A set with an associative binary operation defined upon its elements. There need not be an identity element (as there must be in a monoid), nor is there a requirement that every element must have an inverse (as there is in a group), indeed, without an identity the existance of inverses becomes impossible to define.

A volume contained in a space of specified dimension that has one more boundary point than the number of dimensions, and whose surfaces are defined by linear constraints. A point is a 0-simplex, a line segment is a 1-simplex, a triangle is a 2-simplex, a tetrahedron is a 3-simplex, and so on.

(a) a family of finite sets, closed under subsets.

(b) a collection of simplices meeting face-to-face.

The first type of complex can be made into the second, by embedding the members of the sets in general position in some space of suffiently high dimension, and forming simplices by taking the convex hull of each set. The sets of a simplicial complex are also known as faces.

One of the objects generating a cell of a Voronoi diagram.

The graph formed by the vertices and edges of a polytope or of a cell decomposition of space.

A set of nodes in a graph is called stable if none of them are joined to one another.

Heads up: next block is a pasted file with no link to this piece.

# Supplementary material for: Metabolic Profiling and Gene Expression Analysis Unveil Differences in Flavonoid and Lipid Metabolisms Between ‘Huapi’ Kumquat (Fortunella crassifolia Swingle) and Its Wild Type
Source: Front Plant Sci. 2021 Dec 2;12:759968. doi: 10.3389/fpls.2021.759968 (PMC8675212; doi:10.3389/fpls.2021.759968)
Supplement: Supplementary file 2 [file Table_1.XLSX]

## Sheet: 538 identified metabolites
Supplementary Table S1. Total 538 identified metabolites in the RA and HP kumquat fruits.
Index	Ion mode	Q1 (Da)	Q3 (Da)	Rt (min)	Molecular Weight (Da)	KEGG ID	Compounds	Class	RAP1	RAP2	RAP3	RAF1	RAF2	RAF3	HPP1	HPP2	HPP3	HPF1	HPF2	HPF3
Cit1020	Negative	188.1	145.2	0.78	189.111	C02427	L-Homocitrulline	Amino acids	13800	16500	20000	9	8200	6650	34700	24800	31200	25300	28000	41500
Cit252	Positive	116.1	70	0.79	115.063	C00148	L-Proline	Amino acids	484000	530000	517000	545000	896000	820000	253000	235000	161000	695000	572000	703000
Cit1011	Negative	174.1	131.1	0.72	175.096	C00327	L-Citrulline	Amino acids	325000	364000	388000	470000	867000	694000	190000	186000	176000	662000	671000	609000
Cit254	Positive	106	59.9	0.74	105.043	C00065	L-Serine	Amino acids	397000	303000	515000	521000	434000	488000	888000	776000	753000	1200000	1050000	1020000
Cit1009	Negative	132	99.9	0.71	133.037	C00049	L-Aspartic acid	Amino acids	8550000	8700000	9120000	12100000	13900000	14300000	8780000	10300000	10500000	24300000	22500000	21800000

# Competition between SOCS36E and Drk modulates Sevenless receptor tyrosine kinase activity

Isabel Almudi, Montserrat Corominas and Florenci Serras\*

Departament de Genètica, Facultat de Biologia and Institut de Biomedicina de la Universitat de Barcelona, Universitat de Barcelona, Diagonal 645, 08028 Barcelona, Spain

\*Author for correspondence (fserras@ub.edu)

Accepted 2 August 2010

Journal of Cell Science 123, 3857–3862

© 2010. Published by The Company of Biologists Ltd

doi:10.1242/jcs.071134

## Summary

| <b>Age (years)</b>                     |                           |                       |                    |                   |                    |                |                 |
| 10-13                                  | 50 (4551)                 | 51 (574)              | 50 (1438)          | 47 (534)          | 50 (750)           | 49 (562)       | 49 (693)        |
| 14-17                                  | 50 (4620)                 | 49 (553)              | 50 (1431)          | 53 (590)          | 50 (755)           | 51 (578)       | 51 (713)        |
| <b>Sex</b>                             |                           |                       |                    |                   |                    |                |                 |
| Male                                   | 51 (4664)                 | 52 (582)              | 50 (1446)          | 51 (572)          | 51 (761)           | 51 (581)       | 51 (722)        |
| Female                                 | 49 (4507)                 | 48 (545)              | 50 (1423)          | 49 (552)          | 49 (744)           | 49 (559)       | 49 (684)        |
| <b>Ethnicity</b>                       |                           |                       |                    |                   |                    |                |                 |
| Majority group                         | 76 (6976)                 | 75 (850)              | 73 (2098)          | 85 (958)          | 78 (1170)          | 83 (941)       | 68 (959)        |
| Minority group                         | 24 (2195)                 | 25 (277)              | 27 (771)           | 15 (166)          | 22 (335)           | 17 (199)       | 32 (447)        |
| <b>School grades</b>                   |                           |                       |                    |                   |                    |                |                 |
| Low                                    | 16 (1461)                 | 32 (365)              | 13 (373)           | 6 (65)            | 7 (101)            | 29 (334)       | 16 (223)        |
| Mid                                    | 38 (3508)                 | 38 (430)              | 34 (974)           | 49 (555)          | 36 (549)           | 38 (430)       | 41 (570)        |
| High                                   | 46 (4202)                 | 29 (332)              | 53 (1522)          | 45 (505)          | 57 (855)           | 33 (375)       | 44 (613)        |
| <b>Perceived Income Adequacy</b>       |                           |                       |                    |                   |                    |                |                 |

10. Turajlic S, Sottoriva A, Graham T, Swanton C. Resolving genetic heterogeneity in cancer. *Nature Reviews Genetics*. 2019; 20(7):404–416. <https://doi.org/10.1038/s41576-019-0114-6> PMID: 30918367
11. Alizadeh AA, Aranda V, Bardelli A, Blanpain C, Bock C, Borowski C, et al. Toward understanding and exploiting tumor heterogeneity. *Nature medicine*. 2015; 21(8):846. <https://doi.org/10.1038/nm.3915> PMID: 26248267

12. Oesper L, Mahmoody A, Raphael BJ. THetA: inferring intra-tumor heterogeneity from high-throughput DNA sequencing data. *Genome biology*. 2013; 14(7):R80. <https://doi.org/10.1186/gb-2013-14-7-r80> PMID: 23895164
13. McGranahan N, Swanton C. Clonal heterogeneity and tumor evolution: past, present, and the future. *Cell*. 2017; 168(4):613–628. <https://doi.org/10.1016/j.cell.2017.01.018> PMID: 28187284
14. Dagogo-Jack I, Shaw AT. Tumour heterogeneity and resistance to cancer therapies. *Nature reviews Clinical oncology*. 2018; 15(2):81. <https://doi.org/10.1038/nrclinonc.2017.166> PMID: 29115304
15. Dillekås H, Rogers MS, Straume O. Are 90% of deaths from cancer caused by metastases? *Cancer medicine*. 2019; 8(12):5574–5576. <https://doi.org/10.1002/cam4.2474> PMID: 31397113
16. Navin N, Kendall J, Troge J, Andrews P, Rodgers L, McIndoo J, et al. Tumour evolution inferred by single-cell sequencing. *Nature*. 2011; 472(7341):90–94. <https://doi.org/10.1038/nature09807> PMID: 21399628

A Steiner Triple System of order * v * is a collection of triples
or 3-subsets of a set * X * of size * v * such that each pair of
elements of * X * occurs in exactly one triple. In other words
a Steiner Triple System is a 2-design with
parameters * (v, 3, 1, (v-1)/2, v(v-1)/6) *. Since the design
parameters must be integers, it is necessary that * v = 6n + 1 * or
* v = 6n + 3 *. Kirkman
showed that this is a sufficient condition that a Steiner Triple System
exist.

The Stirling numbers of the second kind, *S(n,t)*, have the combinatorial
interpretation of counting the number of ways of partitioning an
*n* element set into *t* non-empty subsets. Given
the finite difference table for
the monomial *x ^{n}* the Stirling numbers of the second kind can be
derived from the differences at zero by dividing the

.

The Stirling numbers of the second kind satisfy a recurrence relation:

*
S(n,t) = t*S(n-1,t) + S(n-1,t-1)
*

The Stirling numbers of the first kind, *s(n,t)*, are the
coefficients on the monomials in an expansion of polynomials
of the form
.

The Stirling numbers of the first kind satisfy the recurrence formula
*
s(n,t) = s(n-1,t-1) - (n-1)*s(n-1,t)
*

with initial values, *s(n,0) = 0* for * n = 1,2,3,...*
and *s(n,n) = 1* for * n = 0,1,2,3,...*

A design in which the parameters
* (v, k, lambda, r, b) * are such that * v = b * and *
k = r *.

Given a set * S * and a family of subsets
*A _{1}, A_{2}, ... A_{k}*
of

A - B - C - D - E - F - G - H - I - J - K - L - M - N - O - P - Q - R - S - T - U - V - W - X - Y - Z

An On-line Dictionary of Combinatorics